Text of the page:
We were pretty much the only ones in the waiting from, which really surprised me considering this is the public hospital system. Still, it worked definitely in my favour because I was quite calm when we got into the NS Registrar's office. He was friendly and informative, and laid out the usual situation regarding cerebral aneurysms in a person my age. Turns out that - contrary to what society thinks - 56 is "young" for an aneurysm, hence they prefer to treat those over 5mm in order to give the best recovery advantage. (My daughter thought it was highly amusing that I was considered "young"!)
There were plenty of not-so-good stats as well, confirming to a large degree what I had already Googled. The odds of a brain aneurysm rupturing may not be high, but that is more because they don't know enough about the cause of them at this time, despite such advanced medical treatment available. The odds increase with age, but size is not necessarily a factor - some very small ones can and have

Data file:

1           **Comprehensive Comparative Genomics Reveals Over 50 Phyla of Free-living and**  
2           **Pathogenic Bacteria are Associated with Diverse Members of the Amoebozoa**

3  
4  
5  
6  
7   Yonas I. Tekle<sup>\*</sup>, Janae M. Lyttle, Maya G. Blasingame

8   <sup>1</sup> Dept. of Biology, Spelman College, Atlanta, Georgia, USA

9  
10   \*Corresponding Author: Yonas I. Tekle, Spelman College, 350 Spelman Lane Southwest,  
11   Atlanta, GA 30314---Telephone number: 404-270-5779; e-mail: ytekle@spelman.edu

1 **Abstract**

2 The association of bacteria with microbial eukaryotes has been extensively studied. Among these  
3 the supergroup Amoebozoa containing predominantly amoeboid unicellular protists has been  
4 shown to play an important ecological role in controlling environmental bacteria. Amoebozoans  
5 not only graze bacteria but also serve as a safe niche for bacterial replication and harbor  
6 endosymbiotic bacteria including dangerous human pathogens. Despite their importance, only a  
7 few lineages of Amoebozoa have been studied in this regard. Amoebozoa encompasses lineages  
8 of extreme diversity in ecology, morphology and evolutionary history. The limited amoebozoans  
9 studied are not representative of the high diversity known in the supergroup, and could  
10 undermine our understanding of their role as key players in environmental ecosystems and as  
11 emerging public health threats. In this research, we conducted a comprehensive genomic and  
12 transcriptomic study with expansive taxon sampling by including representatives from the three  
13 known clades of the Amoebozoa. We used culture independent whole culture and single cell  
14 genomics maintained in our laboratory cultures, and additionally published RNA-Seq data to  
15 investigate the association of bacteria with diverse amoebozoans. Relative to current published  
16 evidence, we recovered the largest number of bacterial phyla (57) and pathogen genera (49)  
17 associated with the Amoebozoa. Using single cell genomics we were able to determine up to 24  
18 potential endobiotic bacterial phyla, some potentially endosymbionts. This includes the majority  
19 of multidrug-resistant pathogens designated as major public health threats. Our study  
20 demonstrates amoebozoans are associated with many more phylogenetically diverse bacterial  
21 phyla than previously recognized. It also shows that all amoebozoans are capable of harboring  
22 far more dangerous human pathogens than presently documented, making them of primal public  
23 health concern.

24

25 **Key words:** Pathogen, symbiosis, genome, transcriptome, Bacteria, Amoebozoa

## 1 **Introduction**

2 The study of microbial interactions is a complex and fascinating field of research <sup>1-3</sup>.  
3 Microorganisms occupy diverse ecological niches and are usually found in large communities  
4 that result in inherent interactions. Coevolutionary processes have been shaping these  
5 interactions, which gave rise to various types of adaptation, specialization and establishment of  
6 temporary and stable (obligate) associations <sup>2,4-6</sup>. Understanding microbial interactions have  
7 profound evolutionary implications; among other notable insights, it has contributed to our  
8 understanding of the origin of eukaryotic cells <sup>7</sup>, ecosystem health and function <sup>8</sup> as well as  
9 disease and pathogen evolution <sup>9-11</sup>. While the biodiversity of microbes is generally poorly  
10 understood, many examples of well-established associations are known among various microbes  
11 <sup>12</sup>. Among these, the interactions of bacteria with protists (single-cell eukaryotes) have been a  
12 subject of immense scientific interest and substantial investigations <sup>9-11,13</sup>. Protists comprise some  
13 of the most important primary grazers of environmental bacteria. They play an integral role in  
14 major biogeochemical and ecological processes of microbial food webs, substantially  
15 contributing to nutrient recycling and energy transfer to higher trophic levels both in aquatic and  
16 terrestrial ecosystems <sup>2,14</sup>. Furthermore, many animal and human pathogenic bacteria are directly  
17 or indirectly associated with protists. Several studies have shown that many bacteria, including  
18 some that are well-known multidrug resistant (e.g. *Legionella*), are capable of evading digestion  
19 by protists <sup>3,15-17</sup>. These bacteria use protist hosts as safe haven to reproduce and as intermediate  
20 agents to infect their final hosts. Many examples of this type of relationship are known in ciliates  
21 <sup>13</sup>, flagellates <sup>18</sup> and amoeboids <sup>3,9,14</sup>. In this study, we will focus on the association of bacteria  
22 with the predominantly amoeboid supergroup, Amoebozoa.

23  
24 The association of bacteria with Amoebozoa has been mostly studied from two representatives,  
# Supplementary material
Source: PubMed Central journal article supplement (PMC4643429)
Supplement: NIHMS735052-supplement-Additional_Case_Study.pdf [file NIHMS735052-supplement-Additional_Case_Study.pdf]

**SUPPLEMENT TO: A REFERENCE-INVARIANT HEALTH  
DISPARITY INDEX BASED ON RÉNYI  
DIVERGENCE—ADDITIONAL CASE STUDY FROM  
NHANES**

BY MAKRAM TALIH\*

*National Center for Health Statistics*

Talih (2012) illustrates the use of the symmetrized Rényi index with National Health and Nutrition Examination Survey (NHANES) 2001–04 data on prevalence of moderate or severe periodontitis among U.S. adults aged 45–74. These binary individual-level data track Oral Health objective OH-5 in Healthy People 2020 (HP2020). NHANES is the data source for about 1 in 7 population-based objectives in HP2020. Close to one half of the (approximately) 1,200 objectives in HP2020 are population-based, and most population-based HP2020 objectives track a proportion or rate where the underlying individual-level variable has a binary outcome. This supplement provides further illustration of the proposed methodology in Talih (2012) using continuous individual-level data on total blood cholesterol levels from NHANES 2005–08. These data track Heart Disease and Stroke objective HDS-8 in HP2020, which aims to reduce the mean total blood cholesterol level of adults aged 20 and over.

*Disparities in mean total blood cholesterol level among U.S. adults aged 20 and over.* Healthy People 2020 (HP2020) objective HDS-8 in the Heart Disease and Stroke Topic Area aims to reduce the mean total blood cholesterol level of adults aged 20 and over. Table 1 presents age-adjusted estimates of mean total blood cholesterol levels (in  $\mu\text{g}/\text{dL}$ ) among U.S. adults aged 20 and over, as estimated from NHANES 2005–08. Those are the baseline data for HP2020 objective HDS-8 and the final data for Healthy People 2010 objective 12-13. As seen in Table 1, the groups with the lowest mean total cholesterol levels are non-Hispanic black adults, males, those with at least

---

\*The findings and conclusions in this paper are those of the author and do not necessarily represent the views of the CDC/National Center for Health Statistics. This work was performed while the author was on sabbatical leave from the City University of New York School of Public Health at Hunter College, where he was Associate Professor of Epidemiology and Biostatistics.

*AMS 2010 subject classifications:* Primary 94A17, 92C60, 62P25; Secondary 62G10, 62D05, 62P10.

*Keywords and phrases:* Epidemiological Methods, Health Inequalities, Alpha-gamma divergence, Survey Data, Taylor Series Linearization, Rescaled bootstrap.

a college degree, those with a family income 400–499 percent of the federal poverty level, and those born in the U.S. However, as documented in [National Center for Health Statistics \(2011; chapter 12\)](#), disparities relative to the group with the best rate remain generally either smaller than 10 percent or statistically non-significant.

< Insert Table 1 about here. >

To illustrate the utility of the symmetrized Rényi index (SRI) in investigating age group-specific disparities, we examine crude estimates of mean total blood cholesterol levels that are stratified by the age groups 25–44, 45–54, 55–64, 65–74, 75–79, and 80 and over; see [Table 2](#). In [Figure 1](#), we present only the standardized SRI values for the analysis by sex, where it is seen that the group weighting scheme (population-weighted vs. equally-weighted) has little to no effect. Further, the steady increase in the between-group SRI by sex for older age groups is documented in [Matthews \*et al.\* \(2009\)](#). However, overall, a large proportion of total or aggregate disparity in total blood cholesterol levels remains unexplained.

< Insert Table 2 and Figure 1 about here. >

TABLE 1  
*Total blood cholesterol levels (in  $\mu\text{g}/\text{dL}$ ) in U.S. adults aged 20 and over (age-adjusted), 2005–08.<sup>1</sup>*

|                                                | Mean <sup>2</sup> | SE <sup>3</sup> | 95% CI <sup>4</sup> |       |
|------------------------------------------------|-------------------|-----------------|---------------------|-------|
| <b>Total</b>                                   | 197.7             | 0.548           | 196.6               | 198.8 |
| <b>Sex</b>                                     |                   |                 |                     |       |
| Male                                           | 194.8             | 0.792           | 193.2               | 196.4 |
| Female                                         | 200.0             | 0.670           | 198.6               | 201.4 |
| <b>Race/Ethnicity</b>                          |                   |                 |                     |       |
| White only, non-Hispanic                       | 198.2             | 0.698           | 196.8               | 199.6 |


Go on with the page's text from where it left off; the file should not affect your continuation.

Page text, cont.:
- 20% of those with a rupture will not make it to a hospital.
- A further 20% will make it there but die before they are diagnosed.
- Of the remaining 60%, more than half will have some residual detrimental effects - such as loss of vision, speech, etc (similar to stroke).
- Only 1 in 5 whose aneurysm has ruptured will have no adverse effects at all.
I asked about restrictions - could I fly, specifically, as I had a trip back to visit friends in NZ booked. No restrictions, he said - again, for the simple reason that they don't know enough about why some rupture and many don't. No point in placing restrictions on something that you have no idea will ever happen.
So, the next stage is a four-vessel angiogram to "better clarify the aneurysm".
Time to ask Dr Google about that procedure!